We have now arrived at the last and highest division of the Mollusca—the Cephalopoda, the class of the nautilus, ammonite, and other fossil forms, and of the squid, cuttles, and octopuses of our modern seas. The cephalopods are very different in shape, activity, and in their higher organization and intelligence, from other mollusks, but their general anatomy is the same. The special characteristic, asindicated by the name, is the fact that the head is surrounded by tentaclelike extensions of the "foot," which is here fused in part with the head, and divided into the long "foot arms," which are the instruments by which these predatory creatures obtain their prey. The underpart of the foot forms a tube called the funnel (or siphon). Through the funnel the animal expels water from the mantle cavity, and thus propels itself through the water. When the siphon is in its normal position the animal swims backward; but it can be turned back over the edge of the mantle, giving a forward movement. In cephalopods the sexes are separate, the male being often much smaller than the female. The eggs are usually laid in gelatinous capsules, commonly known in New England as "sea grapes," and the development is direct, that is, without any free-swimming larval stage.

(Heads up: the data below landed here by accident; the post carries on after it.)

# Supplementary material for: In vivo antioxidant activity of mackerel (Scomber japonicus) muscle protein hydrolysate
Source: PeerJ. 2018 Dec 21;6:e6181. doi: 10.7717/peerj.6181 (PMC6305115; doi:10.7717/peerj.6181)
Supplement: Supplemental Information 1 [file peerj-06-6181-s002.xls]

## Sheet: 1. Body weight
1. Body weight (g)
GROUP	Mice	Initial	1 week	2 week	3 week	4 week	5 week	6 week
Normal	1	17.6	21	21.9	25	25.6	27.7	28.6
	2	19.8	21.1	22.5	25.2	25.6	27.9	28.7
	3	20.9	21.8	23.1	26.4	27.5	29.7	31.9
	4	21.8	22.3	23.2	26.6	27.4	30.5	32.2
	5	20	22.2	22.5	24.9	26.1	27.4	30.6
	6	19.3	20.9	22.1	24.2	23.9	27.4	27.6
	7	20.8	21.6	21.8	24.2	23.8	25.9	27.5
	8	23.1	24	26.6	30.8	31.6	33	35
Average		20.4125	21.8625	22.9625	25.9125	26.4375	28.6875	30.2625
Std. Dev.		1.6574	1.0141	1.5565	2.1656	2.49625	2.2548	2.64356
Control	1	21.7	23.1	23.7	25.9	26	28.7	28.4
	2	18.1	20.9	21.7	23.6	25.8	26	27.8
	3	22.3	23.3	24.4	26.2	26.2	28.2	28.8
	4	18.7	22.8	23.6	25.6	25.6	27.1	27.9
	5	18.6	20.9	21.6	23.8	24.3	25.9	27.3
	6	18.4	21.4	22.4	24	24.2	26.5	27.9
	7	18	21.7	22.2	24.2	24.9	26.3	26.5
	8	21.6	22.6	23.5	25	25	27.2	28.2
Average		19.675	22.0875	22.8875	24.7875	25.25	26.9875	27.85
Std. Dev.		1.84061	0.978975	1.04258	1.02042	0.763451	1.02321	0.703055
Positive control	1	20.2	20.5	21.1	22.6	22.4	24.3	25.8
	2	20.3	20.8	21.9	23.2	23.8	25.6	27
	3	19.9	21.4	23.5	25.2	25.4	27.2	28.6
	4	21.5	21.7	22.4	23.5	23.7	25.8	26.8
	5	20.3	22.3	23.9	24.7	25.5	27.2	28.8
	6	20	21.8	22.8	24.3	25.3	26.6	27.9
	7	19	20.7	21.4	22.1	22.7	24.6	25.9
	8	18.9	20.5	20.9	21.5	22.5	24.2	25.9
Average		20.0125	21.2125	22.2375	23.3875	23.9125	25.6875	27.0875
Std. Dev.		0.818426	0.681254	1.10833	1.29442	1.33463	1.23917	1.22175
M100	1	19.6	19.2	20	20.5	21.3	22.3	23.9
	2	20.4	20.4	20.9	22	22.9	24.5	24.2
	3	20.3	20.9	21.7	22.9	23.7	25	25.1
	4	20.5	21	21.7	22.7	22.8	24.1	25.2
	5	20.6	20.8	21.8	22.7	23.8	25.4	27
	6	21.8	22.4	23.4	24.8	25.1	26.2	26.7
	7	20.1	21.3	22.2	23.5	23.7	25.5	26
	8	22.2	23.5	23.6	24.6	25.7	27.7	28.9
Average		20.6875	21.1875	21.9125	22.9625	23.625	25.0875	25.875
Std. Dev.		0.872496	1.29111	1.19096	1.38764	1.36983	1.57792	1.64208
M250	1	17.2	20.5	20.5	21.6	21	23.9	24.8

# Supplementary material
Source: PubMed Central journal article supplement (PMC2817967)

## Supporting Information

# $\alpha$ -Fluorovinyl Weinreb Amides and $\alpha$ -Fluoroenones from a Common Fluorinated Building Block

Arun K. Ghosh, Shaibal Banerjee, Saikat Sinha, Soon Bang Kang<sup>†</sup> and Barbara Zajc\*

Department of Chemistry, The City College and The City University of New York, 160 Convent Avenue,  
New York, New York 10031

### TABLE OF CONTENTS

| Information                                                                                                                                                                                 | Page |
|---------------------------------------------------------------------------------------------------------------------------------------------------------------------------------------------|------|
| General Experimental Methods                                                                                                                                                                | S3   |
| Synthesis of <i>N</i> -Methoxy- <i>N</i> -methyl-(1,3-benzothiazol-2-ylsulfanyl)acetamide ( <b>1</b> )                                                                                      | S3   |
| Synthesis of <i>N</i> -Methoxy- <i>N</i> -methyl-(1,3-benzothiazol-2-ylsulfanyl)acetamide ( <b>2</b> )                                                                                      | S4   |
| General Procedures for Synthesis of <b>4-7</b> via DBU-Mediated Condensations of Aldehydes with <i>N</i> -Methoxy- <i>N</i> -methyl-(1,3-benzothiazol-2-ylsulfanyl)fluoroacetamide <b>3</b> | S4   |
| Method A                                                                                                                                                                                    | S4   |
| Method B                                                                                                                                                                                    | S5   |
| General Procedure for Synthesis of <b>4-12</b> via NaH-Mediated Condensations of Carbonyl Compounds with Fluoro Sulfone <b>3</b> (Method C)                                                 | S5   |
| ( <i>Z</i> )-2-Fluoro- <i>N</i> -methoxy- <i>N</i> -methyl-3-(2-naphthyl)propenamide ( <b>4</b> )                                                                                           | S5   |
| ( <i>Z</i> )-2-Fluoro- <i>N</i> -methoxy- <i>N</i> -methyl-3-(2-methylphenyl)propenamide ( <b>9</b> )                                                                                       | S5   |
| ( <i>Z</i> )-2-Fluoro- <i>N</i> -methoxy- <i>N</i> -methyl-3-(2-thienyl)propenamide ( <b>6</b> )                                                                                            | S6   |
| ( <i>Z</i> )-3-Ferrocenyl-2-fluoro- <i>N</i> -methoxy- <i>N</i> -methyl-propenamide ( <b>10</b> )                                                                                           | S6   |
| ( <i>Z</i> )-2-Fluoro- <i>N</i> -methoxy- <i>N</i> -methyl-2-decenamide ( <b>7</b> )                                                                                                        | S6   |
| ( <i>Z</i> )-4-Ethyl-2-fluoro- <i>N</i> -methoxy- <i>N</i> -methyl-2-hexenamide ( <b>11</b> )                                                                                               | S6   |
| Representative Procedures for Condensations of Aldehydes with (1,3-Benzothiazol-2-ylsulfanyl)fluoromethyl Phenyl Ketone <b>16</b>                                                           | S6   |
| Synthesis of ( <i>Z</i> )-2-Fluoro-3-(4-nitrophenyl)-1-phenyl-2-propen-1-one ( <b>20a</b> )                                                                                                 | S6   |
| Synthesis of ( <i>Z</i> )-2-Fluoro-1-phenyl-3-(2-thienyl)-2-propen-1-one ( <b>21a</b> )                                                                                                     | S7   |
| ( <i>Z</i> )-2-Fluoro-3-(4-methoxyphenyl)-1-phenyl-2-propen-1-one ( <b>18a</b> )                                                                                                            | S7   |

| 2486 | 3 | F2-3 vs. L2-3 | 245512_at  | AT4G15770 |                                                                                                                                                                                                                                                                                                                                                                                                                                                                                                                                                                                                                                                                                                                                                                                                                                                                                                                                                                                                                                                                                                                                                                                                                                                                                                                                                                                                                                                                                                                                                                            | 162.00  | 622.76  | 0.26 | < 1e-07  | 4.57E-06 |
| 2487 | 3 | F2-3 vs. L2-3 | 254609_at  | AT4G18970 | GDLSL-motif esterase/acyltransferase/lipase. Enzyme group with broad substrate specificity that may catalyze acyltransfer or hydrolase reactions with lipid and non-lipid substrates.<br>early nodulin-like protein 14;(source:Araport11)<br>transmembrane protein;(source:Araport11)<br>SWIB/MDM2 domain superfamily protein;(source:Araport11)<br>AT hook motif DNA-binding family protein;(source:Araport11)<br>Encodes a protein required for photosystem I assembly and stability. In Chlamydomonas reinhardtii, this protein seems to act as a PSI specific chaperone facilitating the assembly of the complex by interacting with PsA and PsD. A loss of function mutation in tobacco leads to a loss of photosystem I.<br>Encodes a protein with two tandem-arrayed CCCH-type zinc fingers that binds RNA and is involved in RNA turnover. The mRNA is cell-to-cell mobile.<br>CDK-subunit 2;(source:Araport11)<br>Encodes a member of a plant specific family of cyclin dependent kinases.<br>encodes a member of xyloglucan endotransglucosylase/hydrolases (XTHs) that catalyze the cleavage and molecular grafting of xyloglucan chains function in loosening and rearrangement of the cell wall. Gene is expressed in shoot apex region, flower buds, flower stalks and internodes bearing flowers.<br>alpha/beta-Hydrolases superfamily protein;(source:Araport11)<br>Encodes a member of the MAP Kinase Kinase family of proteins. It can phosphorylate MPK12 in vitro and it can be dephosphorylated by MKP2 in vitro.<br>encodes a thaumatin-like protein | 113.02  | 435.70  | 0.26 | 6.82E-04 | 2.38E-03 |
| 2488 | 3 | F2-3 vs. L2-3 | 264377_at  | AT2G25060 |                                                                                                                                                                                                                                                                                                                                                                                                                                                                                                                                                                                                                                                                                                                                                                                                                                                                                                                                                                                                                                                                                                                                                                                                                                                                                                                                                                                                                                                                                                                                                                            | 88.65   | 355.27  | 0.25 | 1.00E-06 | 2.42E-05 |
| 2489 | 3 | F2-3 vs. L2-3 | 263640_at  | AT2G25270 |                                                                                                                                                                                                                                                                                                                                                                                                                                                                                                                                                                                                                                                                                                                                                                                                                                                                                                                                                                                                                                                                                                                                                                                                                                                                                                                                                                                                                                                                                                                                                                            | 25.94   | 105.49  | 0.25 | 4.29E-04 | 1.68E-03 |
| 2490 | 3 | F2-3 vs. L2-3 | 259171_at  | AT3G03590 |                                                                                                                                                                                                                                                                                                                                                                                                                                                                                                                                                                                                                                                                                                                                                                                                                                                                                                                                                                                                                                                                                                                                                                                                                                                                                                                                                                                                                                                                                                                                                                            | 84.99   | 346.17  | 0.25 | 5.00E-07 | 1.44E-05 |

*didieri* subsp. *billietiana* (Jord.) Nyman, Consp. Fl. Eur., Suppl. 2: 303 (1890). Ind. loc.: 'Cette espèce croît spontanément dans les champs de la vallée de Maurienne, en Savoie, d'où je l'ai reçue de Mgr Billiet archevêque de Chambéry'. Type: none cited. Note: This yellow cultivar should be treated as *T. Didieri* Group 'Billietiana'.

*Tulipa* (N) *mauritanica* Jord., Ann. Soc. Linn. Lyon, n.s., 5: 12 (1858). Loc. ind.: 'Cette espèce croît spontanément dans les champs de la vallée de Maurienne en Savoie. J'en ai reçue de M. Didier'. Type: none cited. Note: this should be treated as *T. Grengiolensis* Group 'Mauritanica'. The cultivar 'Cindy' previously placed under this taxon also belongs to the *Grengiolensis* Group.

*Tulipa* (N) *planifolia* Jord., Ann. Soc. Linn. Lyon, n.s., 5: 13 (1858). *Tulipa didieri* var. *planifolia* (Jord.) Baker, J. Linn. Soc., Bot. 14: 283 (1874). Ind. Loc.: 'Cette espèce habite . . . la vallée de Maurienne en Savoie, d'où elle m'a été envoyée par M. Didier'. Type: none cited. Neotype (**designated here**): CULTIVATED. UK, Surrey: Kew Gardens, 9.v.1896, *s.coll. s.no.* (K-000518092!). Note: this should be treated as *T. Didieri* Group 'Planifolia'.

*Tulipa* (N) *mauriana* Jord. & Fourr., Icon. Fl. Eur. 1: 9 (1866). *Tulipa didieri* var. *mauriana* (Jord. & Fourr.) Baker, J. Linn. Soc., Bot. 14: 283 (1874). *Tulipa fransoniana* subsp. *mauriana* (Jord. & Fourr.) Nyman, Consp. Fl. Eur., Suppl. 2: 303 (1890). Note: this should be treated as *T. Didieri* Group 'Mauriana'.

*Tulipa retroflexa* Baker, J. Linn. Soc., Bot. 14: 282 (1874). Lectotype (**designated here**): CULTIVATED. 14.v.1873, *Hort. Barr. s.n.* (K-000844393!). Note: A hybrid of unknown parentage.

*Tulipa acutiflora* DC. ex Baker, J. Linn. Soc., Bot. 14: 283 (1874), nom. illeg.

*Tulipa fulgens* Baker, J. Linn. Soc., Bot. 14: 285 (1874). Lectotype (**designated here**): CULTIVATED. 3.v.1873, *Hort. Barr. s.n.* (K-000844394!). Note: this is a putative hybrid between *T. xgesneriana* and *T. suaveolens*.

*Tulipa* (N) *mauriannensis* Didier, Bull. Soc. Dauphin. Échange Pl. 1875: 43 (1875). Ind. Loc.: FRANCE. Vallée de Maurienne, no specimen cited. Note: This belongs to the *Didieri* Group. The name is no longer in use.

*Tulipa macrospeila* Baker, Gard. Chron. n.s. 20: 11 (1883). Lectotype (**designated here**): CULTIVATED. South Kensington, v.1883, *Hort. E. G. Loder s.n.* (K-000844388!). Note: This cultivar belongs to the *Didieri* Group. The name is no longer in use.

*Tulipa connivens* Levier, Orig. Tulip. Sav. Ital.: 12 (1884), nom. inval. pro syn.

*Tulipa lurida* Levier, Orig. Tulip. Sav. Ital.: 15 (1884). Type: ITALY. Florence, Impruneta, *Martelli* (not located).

The class is divided into two subclasses: 1. Tetrabranchiata, cephalopods with four plumelike gills inside the mantle; and 2. Dibranchiata, with only two such gills. In the first subclass belong all those very ancient cephalopods called in a general way ammonites, goniatites, orthoceratites, etc., that are found in such great numbers and astonishing variety in the Paleozoic rocks, from the Ordovician age onward, although but few groups survived beyond the Carboniferous period, and only two families can be traced as high as the Tertiary deposits, one of which—that of the nautilus—survives to the present day as the final remnant of one of the conspicuous and interesting populations of the primitive ocean.